Why Catholics Love February

SnowyForestSquareI was lecturing rhapsodically about beauty’s power to pierce the defensive shell of today’s world last week when I noticed that my students were having none of it.

I stopped and said, “Wait. What’s wrong? Is this not making sense?” In response, one of the glum, bundled Catholic students in my Christianity in Mass Media class looked forlornly at the window. Outside was a bleak, overcast frigid day.

I went on a bit of a rant in response: I told them that real Catholics love the winter. Real Catholics love February. Catholics see an extra-long leap-year February like this year’s and say, “Bring it on.” Let me explain.

Catholics love February because they love the Second Station of the Cross.

Different Way of the Cross books have slightly different formulations of the names of each Station. I always change the Second Station in my head. Whether it says, “Jesus receives his cross,” “Jesus carries his cross,” or “The cross is laid upon him,” I always say, “Jesus accepts his cross.”

Accepting one’s crosses turns out to be a fundamental prerequisite to happiness. You couldn’t stop yourself from receiving or carrying crosses even if you tried. What you can do is accept them.

People who live in sunny, warm places have a harder time learning this than people in the real world. I should know. I grew up in Arizona and regarded as “the real world” those places in novels and movies where people wore jackets and had snow.

In the real world, “Lent” is the Church’s way of rebranding the suffering that we get no matter what in February. In Arizona, we had to look for crosses. I wasn’t good at that. I drifted in life beneath the glare of the February sun in my short sleeves. I had no ambition.

My own kids have a much better understanding of the inevitability of suffering and the freedom of being able to smile anyway. They shovel snow and smile. They learn to help others and be helped — we all have to help each other in the snow. They also learn that even when things are bad, they aren’t that bad. When life gives you lemons, you make lemonade; when life gives you snow, you go sledding.

Catholics love February because they know how much joy it will give them in April.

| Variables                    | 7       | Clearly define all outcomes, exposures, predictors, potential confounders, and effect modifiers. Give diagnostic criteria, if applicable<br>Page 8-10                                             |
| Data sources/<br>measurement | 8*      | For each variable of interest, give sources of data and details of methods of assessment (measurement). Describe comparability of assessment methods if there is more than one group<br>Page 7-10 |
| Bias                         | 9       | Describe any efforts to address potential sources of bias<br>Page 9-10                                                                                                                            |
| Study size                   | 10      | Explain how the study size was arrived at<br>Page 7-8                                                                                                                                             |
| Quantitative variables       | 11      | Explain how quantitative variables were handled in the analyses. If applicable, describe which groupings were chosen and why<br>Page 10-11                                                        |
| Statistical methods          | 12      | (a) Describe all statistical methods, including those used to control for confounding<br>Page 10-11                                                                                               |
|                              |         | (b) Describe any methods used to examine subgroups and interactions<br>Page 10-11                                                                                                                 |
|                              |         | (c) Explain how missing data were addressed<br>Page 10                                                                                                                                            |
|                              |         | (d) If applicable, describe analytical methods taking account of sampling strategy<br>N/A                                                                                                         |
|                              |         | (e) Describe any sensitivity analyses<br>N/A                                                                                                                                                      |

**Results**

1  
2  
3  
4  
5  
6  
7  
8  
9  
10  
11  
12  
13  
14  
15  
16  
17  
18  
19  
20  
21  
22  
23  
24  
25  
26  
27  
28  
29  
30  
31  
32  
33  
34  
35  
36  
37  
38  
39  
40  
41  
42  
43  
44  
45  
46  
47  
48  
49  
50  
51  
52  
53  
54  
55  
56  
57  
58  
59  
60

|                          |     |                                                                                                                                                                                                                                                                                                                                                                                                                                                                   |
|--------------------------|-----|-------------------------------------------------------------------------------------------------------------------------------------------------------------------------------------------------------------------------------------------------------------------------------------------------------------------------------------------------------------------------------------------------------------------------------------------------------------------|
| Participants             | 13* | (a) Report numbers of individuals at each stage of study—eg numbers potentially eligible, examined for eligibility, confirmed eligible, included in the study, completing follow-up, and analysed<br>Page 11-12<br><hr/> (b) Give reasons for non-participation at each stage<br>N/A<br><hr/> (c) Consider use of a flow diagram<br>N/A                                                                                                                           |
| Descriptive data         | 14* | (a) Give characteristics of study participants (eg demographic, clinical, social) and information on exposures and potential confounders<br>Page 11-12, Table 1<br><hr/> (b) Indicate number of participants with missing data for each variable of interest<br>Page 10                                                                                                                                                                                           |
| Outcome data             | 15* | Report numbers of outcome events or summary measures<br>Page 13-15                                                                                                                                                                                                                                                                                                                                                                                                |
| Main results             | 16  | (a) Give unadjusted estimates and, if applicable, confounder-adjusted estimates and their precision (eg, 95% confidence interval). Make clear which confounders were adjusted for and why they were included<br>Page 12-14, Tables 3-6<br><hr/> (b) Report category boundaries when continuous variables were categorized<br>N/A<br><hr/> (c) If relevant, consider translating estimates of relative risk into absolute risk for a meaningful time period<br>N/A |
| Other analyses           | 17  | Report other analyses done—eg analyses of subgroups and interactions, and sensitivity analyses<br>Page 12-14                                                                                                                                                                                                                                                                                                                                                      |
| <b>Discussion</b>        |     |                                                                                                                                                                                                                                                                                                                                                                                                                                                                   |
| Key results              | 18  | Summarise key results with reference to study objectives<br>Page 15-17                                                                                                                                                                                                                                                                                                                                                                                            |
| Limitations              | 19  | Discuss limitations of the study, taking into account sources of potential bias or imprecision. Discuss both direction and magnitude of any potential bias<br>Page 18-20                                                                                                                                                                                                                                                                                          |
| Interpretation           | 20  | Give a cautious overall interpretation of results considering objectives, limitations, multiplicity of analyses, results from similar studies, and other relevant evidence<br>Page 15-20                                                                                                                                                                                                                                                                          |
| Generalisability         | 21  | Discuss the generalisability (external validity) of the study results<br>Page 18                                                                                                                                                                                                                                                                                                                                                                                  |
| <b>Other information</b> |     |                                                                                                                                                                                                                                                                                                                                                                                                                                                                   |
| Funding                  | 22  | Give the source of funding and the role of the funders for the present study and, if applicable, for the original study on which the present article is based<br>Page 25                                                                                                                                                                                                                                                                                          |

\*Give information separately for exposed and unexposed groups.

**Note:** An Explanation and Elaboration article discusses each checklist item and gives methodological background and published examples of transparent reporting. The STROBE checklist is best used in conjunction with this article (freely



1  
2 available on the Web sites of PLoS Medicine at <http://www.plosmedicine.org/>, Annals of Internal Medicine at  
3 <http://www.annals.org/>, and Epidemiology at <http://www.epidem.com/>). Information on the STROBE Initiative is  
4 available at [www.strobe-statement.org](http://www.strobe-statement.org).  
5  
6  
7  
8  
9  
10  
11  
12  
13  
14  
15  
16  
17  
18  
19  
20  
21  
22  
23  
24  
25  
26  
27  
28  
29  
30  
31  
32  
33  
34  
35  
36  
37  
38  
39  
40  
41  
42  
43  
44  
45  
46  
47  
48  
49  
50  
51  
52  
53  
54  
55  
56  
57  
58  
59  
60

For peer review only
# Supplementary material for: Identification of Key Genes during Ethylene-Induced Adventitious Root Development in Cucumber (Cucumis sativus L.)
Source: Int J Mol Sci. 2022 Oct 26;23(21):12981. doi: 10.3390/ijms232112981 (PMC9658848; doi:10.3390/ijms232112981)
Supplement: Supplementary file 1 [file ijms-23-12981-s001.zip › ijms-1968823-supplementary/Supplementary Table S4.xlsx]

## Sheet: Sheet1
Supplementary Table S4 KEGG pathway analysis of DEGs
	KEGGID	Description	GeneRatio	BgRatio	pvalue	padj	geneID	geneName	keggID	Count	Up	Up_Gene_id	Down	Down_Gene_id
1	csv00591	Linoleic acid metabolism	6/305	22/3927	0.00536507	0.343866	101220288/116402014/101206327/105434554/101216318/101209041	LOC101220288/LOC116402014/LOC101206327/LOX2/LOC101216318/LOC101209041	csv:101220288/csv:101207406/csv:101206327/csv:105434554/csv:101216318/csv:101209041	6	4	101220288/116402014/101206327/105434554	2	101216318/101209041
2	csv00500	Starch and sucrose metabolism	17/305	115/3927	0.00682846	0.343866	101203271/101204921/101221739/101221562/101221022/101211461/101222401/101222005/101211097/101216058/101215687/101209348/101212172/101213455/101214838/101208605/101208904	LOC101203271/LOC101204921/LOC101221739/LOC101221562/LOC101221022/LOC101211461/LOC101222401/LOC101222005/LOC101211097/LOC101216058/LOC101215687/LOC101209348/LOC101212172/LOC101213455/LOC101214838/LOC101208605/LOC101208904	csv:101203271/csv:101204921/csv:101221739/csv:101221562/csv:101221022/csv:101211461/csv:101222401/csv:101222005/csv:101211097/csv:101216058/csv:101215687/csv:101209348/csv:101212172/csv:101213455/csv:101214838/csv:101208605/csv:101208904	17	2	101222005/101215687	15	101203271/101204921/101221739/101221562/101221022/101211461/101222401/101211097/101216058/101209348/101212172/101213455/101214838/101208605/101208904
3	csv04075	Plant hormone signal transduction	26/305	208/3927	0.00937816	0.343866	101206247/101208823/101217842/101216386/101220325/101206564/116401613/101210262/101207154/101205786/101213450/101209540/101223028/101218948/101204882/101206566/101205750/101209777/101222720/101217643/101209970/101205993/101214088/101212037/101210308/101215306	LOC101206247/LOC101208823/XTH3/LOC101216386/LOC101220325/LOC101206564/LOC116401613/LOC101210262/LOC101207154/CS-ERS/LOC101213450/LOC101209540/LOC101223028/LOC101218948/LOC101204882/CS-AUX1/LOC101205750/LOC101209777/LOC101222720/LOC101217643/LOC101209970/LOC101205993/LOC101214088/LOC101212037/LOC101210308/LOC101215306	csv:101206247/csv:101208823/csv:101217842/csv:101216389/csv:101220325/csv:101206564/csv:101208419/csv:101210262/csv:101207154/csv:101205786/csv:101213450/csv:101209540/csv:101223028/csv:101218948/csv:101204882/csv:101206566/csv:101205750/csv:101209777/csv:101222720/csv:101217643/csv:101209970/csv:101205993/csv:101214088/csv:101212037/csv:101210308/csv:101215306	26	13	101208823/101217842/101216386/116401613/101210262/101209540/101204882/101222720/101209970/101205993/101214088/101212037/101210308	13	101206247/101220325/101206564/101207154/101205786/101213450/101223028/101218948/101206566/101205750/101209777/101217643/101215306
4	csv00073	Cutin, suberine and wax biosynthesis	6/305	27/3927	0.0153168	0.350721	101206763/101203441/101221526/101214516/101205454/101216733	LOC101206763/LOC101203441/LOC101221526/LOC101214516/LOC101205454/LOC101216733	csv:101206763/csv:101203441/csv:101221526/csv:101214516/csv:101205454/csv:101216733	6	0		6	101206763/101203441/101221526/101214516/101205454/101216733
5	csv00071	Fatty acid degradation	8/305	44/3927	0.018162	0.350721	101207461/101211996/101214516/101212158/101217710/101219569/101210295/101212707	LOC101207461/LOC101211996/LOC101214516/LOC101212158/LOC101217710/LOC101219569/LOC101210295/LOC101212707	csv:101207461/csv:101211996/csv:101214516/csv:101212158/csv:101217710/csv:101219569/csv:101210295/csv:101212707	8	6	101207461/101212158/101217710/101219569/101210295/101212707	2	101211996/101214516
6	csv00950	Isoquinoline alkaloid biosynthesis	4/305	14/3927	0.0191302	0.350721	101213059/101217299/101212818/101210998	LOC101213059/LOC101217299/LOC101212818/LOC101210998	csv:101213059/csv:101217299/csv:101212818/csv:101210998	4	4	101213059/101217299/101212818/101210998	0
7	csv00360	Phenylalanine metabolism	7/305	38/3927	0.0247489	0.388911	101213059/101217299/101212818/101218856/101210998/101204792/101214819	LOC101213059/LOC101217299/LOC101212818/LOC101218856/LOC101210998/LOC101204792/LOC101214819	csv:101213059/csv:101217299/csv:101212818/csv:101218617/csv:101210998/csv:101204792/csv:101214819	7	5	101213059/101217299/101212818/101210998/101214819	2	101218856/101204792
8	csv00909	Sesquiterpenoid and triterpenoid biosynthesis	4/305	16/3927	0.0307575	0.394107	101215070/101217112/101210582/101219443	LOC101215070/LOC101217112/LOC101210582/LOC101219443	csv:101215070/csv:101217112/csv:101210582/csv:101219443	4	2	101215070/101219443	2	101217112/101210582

Every Catholic’s favorite musical, of course, is Sound of Music, with its vigorous celebration of convent life, large families and the doctrine that God created the universe ex nihil (“Nothing comes from nothing; nothing ever could …”). And Catholics know from the song “Favorite Things” that while we should smile even on February days when snowflakes won’t melt on our nose and eyelashes, the really great thing is “Silver white winters that melt into springs.”

Florida doesn’t have silver white winters that melt into springs.

Catholics’ other favorite musical is Camelot, with its passionate plea to St. Genevieve, and the good Catholic King Arthur decreeing ideal weather: “Winter is forbidden till December/And exits March the second on the dot.”

Camelot is clearly more like Kansas than California.

The great poets burst into “songs of spring” because nothing in life comes close to the joy of flowers blooming after a long winter.

In the Song of Songs (which is inspired and inerrant) love and April blend into one: “Arise, my beautiful one, and come! For see, the winter is past, the rains are over and gone. The flowers appear on the earth, the time of pruning the vines has come, and the song of the turtledove is heard in our land” (Song of Songs 2:11-12).

Clearly, April is the greatest. But the ginormity of its joy would be impossible if we hadn’t passed through the depths of darkest February to get there.

In the mists of eternity, God sized up the people he was making, weighed our needs, our strengths and shortcomings, and carefully built February with us in mind. He sealed it with his kiss and sent it down for us to accept with joy. Who are we to refuse such a gift?

This first appeared at Aleteia.

The Gregorian Institute is Benedictine College’s initiative to promote Catholic identity in public life by equipping leaders (the Gregorian speech digest), training leaders (the Gregorian Fellows), defending the faith (the Memorare Army for Religious Freedom), and celebrating Catholic identity (the Catholic Hall of Fame).

Tom Hoopes

Tom Hoopes

Tom Hoopes, author of The Rosary of Saint John Paul II and The Fatima Family Handbook, is writer in residence at Benedictine College in Kansas and hosts The Extraordinary Story podcast about the life of Christ. A former reporter in the Washington, D.C., area, he served as press secretary of the U.S. House Ways & Means Committee Chairman and spent 10 years as executive editor of the National Catholic Register newspaper and Faith & Family magazine. His work frequently appears in Catholic publications such as Aleteia.org and the Register. He and his wife, April, have nine children and live in Atchison, Kansas.